Social Intelligence is successfully navigating and connecting with the people around us, and making more thoughtful decisions about the direction in our lives. We become more socially intelligent by understanding the root causes of human behavior. Specifically, here at the Social Intelligence Institute, we teach research from the fields of neuroscience and social, cognitive, and developmental psychology to help us understand human behavior.
Our institute has four main principles that we believe people of all ages can make a part of their daily living.
- View others as humans, rather than objects.Other people are not chess pieces. They are aware and capable, just like us, with thoughts, feelings, hopes, dreams, and anxieties. Other people are as real as we are.
- To understand and react appropriately to another person, we must first determine WHAT they see, HOW they see it, and WHY they see it the way they do. No human is alike and everyone has their own perspective on what is happening around them. This unique perspective, a personal lens, is acquired from life experiences, culture, parenting, and genetic make-up. The ability to read other people, understanding what they are thinking and feeling, from their perspective, is the cornerstone of social intelligence.
- Recognize automatic behavior in yourself and others. 95% of what we say, do, and think is automatic. It is behavior that is done without thought. Once you are aware of these behaviors in yourself, you can choose to change course and behavior differently. Likewise, as you recognize automatic behavior in others, you can respond in more appropriate ways because you have a better understanding of why they are behaving the way they are.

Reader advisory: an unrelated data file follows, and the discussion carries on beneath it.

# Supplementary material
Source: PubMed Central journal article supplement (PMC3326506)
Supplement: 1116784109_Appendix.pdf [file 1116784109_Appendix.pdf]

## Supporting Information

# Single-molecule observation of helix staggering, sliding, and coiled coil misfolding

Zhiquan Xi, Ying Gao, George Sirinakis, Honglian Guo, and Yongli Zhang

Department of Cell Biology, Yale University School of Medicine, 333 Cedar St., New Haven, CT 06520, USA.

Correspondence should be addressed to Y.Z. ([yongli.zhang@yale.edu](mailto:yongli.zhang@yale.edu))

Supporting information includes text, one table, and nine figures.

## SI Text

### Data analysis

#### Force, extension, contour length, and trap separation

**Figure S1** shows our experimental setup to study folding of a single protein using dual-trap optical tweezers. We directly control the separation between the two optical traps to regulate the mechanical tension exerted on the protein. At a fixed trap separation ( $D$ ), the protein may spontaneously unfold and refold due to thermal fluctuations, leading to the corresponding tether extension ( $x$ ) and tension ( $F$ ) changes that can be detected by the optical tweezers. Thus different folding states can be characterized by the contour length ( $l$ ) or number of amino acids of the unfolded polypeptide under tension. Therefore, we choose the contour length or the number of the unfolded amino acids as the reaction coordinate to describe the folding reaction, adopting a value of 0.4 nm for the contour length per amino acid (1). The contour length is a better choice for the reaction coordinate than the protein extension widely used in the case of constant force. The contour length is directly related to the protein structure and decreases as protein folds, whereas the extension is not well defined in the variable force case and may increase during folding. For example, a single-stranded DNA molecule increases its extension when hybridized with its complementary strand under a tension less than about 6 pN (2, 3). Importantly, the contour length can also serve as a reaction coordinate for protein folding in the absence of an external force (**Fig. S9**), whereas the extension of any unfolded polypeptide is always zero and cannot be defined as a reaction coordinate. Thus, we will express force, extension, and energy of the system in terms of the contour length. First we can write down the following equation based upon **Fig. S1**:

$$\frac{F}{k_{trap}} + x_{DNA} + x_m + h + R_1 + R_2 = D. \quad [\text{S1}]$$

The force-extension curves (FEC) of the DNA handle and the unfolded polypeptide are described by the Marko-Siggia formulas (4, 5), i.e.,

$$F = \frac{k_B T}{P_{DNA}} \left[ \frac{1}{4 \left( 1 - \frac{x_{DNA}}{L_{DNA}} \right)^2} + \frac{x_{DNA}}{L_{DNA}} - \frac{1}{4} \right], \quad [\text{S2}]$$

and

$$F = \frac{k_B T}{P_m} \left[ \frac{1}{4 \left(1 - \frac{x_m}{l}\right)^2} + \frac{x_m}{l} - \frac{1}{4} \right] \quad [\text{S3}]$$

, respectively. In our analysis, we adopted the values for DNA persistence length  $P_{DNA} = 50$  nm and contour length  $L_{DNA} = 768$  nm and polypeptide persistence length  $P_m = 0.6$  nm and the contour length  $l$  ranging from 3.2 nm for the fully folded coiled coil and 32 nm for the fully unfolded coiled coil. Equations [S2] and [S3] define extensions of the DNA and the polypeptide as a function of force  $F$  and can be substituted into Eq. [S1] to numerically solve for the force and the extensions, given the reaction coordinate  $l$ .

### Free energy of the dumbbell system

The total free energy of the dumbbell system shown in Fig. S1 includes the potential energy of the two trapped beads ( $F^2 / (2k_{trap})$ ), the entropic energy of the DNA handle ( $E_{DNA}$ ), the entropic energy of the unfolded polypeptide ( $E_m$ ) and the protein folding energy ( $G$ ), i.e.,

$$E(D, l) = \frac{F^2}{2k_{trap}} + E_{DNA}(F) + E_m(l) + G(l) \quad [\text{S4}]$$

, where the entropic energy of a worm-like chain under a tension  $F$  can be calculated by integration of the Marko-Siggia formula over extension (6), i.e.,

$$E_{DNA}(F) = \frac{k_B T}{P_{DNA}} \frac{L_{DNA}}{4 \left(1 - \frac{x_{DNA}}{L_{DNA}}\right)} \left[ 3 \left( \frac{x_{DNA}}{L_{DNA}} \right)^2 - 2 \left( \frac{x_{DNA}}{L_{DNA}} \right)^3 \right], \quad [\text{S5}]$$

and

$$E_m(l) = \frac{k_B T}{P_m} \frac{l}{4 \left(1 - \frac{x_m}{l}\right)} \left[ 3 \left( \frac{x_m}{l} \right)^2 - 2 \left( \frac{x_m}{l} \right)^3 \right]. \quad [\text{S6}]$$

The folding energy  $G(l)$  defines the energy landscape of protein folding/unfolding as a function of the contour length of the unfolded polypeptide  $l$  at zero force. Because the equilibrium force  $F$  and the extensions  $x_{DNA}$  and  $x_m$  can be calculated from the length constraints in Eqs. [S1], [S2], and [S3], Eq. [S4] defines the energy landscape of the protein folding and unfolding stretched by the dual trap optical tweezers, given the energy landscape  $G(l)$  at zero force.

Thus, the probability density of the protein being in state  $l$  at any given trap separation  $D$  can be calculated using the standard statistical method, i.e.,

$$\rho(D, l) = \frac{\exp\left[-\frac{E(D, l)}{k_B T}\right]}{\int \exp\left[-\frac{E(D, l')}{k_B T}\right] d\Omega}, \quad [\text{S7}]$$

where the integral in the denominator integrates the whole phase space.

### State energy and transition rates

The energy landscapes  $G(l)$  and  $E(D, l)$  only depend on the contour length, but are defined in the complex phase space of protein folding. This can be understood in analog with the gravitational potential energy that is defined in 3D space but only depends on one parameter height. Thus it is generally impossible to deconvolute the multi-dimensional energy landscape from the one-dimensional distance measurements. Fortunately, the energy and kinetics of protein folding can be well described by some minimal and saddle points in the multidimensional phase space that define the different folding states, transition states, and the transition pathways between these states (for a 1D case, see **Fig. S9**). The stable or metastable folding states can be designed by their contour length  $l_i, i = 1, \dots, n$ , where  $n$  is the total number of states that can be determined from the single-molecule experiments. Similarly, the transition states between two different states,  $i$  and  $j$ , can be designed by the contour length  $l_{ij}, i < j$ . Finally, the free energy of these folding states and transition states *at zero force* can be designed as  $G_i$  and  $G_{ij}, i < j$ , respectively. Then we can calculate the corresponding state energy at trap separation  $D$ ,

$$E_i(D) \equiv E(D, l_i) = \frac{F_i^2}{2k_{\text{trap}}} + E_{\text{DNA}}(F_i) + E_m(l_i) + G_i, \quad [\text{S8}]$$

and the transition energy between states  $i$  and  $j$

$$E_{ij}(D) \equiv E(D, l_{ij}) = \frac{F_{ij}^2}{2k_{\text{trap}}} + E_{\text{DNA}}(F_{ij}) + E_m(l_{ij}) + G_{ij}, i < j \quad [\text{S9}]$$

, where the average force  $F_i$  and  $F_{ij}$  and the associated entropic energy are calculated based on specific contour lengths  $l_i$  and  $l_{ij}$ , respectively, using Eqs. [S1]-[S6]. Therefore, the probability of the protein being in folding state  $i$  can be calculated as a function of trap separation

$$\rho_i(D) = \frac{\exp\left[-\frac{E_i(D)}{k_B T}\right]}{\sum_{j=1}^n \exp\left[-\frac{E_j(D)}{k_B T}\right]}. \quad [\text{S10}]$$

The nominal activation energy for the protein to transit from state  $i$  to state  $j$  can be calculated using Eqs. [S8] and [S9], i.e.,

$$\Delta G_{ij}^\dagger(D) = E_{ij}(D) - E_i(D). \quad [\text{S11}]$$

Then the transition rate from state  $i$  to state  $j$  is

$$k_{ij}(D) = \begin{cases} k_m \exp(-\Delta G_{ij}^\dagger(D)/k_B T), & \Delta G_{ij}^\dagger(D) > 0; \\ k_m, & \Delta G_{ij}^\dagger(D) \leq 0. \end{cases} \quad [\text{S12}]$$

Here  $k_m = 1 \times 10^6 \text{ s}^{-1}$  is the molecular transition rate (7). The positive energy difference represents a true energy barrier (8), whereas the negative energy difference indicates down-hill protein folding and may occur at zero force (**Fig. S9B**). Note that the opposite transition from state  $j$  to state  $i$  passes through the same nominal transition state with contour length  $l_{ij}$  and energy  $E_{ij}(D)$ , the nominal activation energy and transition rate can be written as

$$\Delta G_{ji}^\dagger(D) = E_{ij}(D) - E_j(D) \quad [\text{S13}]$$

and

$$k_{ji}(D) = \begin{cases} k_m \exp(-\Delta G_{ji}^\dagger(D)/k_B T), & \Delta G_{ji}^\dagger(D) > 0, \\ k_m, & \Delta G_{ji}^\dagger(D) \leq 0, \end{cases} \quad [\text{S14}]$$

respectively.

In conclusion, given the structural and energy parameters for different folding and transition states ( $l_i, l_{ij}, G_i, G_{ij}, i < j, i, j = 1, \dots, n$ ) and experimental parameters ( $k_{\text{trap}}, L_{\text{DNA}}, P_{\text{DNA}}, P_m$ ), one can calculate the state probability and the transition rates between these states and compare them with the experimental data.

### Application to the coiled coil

- It’s all about choice. How we view humans that cross our paths is a choice. For instance, when we pass a stranger on the street, we make the choice to look at them and say “hello” or look through them without engagement. As we talk with our child, we make the choice to see the world through our own eyes or through our child’s eyes. As we work in teams at work, and automatic group behaviors begin to emerge, we make the choice to jump into the fray or lead the group down a more productive path.